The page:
New riffs mend old rifts: Veruca Salt


It’s a reunion that no one ever thought would happen – least of all the band involved. Veruca Salt were kick-ass alternative act in the ’90s, a girls-with-guitars band that earned a devoted following with songs like Seether and Volcano Girls, and were always on high rotation on Triple J.

The band was led by Nina Gordon and Louse Post, two best friends in sync and sympatico, who created awesome harmonies on stage while having a ball off.

After two albums, however, the wheels fell off. The group split, not over musical differences, but personal ones when their friendship imploded over relationship dramas. The friends stopped speaking. Post continued in Veruca Salt without Gordon, and Gordon embarked on a solo career, but the dynamic duo were no more.

Until now.

Now 16 years on, they’ve repaired the rift, rekindled the friendship and re-plugged in their guitars. A fresher-than-ever Veruca Salt are back on the road and rocking out with fantastic new songs that sound just as good or even better than their old stuff. They’ve reformed with the original line-up including Gordon’s brother, drummer, Jim Shapiro and bassist Steve Lack.

Excited to share their new sound with the world, the band is coming to Australia this week to revisit some old fans and maybe make some new ones.

“I am really enjoying it,” says Gordon, on the phone from her home in Chicago, with an exhale of genuine enthusiasm. “It is such a surprise to be doing this again. It’s sort of like this little miracle and it’s thrilling on so many levels and from so many angles.”

She says hanging out with Post again feels “shockingly familiar”, bringing back memories of sharing rooms and being on the road for 320 days a year.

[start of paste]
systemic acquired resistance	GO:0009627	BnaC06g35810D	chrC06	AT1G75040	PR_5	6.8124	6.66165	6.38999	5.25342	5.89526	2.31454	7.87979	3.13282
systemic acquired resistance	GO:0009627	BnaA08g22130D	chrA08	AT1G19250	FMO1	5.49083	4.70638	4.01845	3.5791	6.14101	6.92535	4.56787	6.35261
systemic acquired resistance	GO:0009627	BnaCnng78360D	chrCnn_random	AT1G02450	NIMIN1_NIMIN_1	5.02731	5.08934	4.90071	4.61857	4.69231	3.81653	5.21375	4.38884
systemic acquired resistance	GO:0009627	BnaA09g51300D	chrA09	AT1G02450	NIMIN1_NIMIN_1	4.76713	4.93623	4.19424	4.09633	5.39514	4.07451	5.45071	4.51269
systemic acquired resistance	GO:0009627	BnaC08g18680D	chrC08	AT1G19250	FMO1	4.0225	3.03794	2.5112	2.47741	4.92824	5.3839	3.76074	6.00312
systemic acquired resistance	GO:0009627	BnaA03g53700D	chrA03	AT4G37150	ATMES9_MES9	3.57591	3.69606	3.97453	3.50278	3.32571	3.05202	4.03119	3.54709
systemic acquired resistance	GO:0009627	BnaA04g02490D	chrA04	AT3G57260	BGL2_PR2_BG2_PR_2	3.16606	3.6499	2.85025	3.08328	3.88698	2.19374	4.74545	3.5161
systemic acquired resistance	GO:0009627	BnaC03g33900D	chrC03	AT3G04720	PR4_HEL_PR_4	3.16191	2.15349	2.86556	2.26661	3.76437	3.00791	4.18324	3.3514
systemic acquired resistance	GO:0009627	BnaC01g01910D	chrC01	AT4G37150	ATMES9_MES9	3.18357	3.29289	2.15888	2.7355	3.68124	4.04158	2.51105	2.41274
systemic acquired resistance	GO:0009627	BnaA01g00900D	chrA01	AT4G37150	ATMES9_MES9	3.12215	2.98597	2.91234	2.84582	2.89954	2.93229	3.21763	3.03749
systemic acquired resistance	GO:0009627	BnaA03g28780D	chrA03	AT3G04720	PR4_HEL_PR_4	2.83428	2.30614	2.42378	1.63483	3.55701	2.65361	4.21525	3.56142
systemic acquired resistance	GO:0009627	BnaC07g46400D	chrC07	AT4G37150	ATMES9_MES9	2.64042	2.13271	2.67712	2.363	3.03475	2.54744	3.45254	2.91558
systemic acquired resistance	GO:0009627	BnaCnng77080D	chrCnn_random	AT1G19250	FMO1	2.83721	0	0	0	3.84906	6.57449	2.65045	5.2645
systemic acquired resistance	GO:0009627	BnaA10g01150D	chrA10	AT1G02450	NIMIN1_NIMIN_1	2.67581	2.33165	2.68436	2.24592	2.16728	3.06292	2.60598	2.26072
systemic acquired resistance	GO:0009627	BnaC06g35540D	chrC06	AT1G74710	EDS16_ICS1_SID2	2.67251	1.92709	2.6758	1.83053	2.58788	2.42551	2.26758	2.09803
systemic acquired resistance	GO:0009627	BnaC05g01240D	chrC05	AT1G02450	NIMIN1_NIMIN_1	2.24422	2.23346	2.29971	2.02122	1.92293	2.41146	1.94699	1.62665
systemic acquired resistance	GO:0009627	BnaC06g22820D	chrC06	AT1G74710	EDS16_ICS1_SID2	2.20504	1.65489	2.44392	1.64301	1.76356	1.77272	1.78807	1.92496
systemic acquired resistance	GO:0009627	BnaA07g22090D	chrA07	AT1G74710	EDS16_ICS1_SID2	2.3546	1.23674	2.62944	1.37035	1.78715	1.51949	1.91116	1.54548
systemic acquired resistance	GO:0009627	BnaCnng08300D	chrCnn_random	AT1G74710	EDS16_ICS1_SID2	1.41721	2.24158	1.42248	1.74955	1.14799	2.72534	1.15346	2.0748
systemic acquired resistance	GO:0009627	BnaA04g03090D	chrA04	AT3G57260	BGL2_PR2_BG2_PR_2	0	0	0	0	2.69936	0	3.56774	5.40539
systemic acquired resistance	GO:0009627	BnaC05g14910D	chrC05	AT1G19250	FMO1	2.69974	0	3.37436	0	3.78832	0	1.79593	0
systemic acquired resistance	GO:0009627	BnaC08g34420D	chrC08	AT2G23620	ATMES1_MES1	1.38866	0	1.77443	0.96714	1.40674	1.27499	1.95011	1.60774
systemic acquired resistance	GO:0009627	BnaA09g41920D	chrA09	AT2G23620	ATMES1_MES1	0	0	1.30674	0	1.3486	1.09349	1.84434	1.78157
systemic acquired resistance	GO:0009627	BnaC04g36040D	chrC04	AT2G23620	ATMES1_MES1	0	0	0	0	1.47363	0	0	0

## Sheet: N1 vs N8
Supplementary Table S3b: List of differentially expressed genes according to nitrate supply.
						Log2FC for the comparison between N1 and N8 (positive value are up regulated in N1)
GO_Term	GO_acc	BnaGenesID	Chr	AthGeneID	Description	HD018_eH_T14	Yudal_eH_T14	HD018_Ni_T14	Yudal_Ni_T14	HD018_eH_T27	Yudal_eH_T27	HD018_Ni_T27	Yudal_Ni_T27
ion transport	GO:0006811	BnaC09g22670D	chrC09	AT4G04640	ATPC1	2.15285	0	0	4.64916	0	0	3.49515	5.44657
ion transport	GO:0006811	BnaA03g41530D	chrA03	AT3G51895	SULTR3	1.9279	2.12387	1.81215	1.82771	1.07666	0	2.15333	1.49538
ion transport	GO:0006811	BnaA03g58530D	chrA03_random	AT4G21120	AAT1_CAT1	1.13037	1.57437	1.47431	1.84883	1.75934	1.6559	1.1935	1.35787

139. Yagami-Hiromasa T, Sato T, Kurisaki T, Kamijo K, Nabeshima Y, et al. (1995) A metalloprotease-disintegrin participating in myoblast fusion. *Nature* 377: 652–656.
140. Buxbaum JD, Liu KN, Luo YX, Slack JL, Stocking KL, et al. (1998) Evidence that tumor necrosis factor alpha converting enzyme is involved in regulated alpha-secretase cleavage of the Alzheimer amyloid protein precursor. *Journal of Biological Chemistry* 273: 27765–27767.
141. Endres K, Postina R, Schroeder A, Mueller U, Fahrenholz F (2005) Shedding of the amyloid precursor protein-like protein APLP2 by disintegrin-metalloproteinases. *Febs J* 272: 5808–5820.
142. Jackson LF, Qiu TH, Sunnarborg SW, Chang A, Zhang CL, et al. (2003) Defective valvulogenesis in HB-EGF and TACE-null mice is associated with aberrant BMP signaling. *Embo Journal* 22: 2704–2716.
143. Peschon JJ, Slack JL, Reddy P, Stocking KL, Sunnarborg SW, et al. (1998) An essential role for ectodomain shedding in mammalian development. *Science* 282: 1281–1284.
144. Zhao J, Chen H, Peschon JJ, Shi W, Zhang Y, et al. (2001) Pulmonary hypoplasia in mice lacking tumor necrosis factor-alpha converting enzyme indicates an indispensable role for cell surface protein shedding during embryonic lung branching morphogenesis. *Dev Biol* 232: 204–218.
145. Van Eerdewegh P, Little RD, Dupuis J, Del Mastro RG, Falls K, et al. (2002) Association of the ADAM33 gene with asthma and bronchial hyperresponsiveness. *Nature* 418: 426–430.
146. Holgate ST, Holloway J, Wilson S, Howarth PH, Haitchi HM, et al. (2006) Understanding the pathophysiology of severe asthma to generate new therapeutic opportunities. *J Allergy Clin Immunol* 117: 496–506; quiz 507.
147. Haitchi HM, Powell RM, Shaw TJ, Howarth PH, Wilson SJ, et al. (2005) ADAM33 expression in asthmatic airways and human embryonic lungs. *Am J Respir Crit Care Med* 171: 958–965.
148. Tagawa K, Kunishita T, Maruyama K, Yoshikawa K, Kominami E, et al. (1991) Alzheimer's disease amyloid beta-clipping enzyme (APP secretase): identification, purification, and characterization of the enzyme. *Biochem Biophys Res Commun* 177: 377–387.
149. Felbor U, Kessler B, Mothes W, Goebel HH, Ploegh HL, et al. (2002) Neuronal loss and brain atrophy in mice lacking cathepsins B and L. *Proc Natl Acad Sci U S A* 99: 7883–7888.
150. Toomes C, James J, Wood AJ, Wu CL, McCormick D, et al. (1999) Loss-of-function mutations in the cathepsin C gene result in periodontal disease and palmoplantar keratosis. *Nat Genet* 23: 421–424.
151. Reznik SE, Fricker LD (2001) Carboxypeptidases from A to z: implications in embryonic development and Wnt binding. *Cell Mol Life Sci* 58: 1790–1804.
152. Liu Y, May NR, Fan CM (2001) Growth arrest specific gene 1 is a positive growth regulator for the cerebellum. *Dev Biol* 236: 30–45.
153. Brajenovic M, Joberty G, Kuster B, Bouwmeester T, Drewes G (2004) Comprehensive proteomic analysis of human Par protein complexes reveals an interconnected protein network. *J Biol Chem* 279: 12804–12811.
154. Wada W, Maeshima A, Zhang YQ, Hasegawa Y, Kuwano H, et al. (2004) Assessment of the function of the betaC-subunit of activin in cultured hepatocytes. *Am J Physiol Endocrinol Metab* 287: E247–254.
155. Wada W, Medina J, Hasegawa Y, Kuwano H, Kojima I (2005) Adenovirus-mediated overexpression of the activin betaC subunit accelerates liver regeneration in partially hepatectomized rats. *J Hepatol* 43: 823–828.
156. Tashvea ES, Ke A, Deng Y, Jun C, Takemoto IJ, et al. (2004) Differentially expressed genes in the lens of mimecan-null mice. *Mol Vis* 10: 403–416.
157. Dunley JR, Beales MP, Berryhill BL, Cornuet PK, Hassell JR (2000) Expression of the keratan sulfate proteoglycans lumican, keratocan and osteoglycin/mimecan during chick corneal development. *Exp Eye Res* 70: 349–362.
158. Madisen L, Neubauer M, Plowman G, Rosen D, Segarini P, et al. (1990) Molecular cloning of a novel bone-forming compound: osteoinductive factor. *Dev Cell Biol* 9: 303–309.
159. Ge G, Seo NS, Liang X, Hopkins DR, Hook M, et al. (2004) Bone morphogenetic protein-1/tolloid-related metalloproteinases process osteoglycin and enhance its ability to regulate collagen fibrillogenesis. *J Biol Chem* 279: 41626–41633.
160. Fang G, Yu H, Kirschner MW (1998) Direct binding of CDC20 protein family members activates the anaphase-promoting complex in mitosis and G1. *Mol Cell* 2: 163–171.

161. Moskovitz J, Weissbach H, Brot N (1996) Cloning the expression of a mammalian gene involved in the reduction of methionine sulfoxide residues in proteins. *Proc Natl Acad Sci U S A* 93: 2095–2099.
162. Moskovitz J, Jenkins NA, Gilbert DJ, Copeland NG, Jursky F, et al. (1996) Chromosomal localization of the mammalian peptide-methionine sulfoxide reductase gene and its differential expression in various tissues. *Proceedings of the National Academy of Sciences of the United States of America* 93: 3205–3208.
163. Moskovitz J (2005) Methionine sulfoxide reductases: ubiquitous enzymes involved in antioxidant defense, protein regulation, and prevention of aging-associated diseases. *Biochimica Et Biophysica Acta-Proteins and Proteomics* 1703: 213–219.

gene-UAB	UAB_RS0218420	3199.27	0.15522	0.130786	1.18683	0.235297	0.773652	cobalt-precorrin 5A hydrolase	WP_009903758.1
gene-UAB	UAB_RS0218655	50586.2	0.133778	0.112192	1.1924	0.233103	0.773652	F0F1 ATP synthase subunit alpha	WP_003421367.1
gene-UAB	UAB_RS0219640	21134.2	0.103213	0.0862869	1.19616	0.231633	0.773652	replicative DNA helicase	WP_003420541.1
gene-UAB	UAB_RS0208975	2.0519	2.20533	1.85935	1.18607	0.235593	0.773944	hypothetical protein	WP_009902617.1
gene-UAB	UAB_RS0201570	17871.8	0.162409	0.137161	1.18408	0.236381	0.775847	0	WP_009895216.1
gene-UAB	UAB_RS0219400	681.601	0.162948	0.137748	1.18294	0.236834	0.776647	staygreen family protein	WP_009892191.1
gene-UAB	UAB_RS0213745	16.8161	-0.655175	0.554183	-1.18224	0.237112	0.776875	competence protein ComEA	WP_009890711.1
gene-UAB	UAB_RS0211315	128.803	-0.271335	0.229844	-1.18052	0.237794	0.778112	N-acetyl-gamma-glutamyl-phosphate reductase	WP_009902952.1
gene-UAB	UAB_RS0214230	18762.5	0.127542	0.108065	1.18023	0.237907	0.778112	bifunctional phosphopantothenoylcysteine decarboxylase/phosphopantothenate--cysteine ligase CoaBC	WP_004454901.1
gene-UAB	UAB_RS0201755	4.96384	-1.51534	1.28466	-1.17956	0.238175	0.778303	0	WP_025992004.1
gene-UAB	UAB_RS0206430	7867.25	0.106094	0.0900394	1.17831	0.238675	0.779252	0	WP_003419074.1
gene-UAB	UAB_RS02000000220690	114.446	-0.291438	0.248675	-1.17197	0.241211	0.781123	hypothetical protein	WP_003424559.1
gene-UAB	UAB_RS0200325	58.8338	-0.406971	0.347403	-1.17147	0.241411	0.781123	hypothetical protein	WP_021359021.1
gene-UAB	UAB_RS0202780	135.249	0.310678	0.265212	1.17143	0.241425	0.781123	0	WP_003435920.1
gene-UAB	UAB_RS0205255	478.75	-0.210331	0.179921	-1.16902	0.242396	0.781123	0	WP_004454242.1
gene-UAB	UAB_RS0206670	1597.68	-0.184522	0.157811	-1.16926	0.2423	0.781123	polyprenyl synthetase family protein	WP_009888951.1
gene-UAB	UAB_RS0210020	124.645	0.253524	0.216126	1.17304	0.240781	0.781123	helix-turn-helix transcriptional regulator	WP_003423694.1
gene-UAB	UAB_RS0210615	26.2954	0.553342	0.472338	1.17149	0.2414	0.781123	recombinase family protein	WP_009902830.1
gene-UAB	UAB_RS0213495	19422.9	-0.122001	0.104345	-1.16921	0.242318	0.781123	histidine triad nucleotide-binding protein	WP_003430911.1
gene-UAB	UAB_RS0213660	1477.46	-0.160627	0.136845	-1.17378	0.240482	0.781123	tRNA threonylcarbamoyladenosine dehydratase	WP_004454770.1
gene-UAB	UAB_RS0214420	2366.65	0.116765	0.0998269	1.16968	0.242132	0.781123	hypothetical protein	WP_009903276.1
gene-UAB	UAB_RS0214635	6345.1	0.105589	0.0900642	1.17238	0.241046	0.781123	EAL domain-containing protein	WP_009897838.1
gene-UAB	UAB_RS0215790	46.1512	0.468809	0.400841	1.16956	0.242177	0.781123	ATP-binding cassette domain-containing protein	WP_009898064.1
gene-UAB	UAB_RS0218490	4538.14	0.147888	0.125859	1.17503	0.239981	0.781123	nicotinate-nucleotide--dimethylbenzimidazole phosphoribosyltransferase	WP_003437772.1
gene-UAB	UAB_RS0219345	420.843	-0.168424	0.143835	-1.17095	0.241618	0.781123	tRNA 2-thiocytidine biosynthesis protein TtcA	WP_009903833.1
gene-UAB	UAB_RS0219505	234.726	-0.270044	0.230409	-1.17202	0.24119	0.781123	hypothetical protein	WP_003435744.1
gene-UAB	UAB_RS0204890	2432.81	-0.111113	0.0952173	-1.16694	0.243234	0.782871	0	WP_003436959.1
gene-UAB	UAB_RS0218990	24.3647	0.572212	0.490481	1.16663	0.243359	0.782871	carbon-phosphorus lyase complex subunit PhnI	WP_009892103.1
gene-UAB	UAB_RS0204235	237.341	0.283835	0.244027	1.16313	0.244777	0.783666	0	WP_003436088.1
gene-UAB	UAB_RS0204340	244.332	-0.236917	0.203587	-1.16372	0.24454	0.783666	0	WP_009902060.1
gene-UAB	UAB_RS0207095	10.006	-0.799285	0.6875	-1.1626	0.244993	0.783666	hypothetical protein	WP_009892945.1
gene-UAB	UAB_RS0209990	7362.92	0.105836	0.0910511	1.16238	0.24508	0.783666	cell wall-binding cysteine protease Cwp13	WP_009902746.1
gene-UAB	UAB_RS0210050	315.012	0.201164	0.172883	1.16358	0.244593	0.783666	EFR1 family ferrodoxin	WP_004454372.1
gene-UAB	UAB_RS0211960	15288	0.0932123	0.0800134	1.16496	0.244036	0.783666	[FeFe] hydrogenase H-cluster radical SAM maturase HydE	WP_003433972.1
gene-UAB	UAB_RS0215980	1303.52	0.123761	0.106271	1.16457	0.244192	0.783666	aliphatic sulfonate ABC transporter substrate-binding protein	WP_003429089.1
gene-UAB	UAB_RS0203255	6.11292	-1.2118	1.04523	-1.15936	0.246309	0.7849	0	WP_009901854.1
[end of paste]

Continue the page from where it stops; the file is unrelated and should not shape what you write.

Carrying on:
“Our senses of humour and our sensibilities, they’re very similar, so we have a great time together. We have this capacity to talk for hours and hours and hours and we always did,” Gordon says with a laugh.

“I remember back in the day we rarely slept because we’d stay up all night talking, whether we were on the road, or on the phone back home in Chicago. Now the same thing happens and we have to stop ourselves, we have to force ourselves to go home.

“We’re having a great time. We’re having so much fun, on tour recently, being on the bus together, listening to all our favourite songs, putting on our make-up, we had a ball.”

Louise and Nina’s friendship repaired slowly. It began with a little email here, a birthday wish there. Occasionally they might send each other songs they liked. Then they sat down to dinner one night and had a “what if” conversation. Gordon had recently seen a reunion show of the band Mazzy Star at the Cochella music festival. Everyone was tweeting and talking about it. It sent some tinglings down her spine and and rumblings through her system. Could Veruca Salt possibly play again?

“I got this pang, this feeling that I hadn’t had, because that was really a closed book, I never considered it. And then all of a sudden I considered it, I was sort of scratching my head, going huh that’s funny, I have this desire to be in Veruca Salt again and play with Louise again.”